Hebrews 7:4
Parallel Verses
New American Standard Bible
Now observe how great this man was to whom Abraham, the patriarch, gave a tenth of the choicest spoils.

King James Bible
Now consider how great this man was, unto whom even the patriarch Abraham gave the tenth of the spoils.

Darby Bible Translation
Now consider how great this personage was, to whom even the patriarch Abraham gave a tenth out of the spoils.

World English Bible
Now consider how great this man was, to whom even Abraham, the patriarch, gave a tenth out of the best spoils.

Young's Literal Translation
And see how great this one is, to whom also a tenth Abraham the patriarch did give out of the best of the spoils,

Hebrews 7:4 Parallel
Commentary
Barnes' Notes on the Bible

Now consider how great this man was - The object of the apostle was to exalt the rank and dignity of Melchizedek. The Jews had a profound veneration for Abraham, and if it could be shown that Melchizedek was superior to Abraham, then it would be easy to demonstrate the superiority of Christ as a priest to all who descended from Abraham. Accordingly he argues, that he to whom even the patriarch Abraham showed so much respect, must have had an exalted rank. Abraham, according to the views of the East, the illustrious ancestor of the Jewish nation, was regarded as superior to any of his posterity, and of course was to be considered as of higher rank and dignity than the Levitical priests who were descended from him.

Even the patriarch Abraham - One so great as he is acknowledged to have been. On the word "patriarch," see the notes on Acts 2:29. It occurs only in Acts 2:29; Acts 7:8-9, and in this place.

Gave the tenth of the spoils - see the notes, Hebrews 7:2. The argument here is, that Abraham acknowledged the superiority of Melchizedek by thus devoting the usual part of the spoils of war, or of what was possessed, to God by his hands, as the priest of the Most High. Instead of making a direct consecration by himself, he brought them to him as a minister of religion, and recognized in him one who had a higher official standing in the matter of religion than himself. The Greek word rendered here "spoils" - ἀκροθίνιον akrothinion - means literally, "the top of the heap," from ἄκρον akron, "top," and θίν thin, "heap." The Greeks were accustomed, after a battle, to collect the spoils together, and throw them into a pile, and then, before they were distributed, to take off a portion from the top, and devote it to the gods; Xen. Cyro. 7, 5, 35; Herod. i. 86, 90; 8:121, 122; Dion. Hal. ii. In like manner it was customary to place the harvest in a heap, and as the first thing to take off a portion from the top to consecrate as a thank-offering to God. The word then came to denote the "first-fruits" which were offered to God, and then the best of the spoils of battle. It has that sense here, and denotes the spoils or plunder which Abraham had taken of the discomfited kings.

Hebrews 7:4 Parallel Commentaries

Library
Priest and victim
"He offered up himself."--Hebrews 7:27. I DO NOT KNOW when I have ever felt a more decided conflict of emotions in my own heart than I do just now. Happy is the man who has such a message as that in my text to deliver to his fellow-men; but burdened is the man who feels that the message is far too great for his lips, or, indeed, for any human tongue to convey. To be allowed to announce to men that our Lord Jesus Christ "offered up himself" on their behalf is, indeed, an errand which angels might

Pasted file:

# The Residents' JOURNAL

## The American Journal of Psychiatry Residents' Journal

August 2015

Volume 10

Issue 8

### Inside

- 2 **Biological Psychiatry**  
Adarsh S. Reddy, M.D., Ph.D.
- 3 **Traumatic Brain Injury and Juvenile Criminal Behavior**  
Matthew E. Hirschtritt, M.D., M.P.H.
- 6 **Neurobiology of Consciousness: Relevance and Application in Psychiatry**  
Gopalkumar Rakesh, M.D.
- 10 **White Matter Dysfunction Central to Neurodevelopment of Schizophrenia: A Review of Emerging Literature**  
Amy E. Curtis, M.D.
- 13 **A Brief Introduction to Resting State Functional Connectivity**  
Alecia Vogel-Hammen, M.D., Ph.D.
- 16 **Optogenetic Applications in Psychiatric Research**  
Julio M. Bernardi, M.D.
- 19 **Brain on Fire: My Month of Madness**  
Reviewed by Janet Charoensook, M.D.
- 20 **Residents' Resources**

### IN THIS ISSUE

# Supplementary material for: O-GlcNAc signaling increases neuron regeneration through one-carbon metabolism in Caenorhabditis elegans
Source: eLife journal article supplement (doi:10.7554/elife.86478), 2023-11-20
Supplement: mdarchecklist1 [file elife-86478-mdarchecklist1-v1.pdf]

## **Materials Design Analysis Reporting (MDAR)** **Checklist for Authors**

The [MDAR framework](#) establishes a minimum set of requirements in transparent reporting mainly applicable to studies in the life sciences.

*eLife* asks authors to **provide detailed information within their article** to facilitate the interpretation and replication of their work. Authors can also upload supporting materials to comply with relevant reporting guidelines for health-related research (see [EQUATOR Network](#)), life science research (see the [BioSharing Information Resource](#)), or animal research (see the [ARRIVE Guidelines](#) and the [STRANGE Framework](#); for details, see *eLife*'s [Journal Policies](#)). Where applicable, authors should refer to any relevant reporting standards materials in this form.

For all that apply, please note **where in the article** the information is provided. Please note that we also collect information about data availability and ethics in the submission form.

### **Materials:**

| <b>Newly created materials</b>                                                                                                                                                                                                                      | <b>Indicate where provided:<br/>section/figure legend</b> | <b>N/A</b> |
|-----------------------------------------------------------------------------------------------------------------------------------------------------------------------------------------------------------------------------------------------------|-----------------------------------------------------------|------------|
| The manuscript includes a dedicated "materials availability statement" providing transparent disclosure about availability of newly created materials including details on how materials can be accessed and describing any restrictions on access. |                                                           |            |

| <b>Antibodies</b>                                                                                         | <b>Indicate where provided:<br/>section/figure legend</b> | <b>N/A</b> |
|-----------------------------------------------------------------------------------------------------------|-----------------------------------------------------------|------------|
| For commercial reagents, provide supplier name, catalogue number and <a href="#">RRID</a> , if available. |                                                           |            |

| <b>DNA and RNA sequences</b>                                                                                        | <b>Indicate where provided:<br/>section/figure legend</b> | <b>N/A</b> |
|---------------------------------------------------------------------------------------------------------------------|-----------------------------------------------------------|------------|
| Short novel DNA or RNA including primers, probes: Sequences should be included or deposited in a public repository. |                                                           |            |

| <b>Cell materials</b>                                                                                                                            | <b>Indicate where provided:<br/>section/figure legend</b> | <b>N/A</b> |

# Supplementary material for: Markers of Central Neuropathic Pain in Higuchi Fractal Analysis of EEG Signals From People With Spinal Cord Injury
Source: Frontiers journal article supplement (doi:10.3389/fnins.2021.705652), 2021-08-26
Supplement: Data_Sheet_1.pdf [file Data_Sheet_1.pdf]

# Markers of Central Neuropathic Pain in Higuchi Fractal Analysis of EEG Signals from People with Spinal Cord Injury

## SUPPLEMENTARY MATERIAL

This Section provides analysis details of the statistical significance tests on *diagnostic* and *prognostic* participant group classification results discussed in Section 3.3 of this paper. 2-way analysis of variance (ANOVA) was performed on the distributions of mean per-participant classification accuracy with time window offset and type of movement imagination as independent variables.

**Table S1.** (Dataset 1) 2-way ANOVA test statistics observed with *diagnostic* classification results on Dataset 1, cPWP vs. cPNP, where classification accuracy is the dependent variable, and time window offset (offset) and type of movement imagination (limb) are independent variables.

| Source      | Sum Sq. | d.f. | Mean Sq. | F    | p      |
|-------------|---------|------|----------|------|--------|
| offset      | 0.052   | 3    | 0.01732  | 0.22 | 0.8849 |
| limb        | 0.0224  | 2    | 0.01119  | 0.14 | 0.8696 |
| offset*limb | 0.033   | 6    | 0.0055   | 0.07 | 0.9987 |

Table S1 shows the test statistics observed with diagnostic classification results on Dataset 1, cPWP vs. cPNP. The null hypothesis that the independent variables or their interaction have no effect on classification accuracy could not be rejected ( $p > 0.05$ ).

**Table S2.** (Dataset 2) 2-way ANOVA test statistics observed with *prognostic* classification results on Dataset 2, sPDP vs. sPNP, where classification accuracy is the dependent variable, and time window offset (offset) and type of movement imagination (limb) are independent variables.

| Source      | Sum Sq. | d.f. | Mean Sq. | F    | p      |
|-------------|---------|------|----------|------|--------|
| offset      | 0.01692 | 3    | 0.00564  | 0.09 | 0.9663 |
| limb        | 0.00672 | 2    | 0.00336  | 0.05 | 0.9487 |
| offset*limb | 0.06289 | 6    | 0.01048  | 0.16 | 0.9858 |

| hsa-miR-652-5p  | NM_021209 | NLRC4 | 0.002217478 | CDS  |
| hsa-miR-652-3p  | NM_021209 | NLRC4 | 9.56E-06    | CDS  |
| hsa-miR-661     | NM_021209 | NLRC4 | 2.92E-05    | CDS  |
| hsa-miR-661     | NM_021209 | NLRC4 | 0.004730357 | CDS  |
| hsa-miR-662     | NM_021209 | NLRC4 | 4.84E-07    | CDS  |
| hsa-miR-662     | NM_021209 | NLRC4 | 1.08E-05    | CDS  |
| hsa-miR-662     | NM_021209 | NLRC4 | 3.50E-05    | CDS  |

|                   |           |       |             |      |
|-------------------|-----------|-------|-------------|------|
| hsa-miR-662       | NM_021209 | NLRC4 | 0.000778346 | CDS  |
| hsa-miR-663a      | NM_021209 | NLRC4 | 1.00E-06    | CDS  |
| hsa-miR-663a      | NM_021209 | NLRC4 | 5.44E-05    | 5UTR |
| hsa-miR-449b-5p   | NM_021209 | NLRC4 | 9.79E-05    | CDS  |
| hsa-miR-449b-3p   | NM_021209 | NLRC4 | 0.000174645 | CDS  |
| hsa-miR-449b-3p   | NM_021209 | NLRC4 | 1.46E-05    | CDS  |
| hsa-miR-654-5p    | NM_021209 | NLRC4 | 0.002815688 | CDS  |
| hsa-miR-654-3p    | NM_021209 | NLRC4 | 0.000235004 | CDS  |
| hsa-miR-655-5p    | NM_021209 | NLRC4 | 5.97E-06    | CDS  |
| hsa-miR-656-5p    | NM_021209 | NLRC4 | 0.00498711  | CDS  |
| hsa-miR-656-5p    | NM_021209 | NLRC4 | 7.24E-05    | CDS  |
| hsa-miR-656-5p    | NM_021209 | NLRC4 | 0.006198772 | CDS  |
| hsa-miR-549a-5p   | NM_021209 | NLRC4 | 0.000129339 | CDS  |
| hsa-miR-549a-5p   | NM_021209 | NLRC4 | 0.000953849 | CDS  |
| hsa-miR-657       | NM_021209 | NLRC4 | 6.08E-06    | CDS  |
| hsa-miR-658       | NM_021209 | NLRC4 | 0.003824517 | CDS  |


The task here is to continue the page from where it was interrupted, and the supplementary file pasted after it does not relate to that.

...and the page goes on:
Charles Haddon Spurgeon—Spurgeon's Sermons Volume 46: 1900

The Power of an Endless Life
Who is made, not after the law of a carnal commandment, but after the power of an endless life. --Hebrews 7:16. The message and hope of immortality are nowhere more distinctly conveyed to our minds than in connection with that resurrection morn when Jesus appeared to Mary Magdalene. The anniversary of that day will ever be the festival of the human soul. Even those who do not clearly understand or fully accept its meaning in history and religion,--even children and ignorant folk and doubters and
Henry Van Dyke—What Peace Means

Twenty-Sixth Lesson. I have Prayed for Thee;'
I have prayed for thee;' Or, Christ the Intercessor. But I have prayed for thee, that thy faith fail not.'--Luke xxii. 32. I say not unto you, that I will pray the Father for you.'--John xvi. 26. He ever liveth to make intercession.'--Heb. vii. 25. ALL growth in the spiritual life is connected with the clearer insight into what Jesus is to us. The more I realize that Christ must be all to me and in me, that all in Christ is indeed for me, the more I learn to live the real life of faith, which,
Andrew Murray—With Christ in the School of Prayer

The Intercession of Christ
Who is he that condemneth? It is Christ that died, yea rather that is risen again, who is even at the right hand of God, who also maketh intercession for us! T he Redemption of the soul is precious. Fools make mock of sin (Proverbs 14:9) . But they will not think lightly of it, who duly consider the majesty, authority, and goodness of Him, against whom it is committed; and who are taught, by what God actually has done, what sin rendered necessary to be done, before a sinner could have a well-grounded
John Newton—Messiah Vol. 2

Cross References
Genesis 14:20
And blessed be God Most High, Who has delivered your enemies into your hand." He gave him a tenth of all.

Acts 2:29
"Brethren, I may confidently say to you regarding the patriarch David that he both died and was buried, and his tomb is with us to this day.

Acts 7:8
"And He gave him the covenant of circumcision; and so Abraham became the father of Isaac, and circumcised him on the eighth day; and Isaac became the father of Jacob, and Jacob of the twelve patriarchs.

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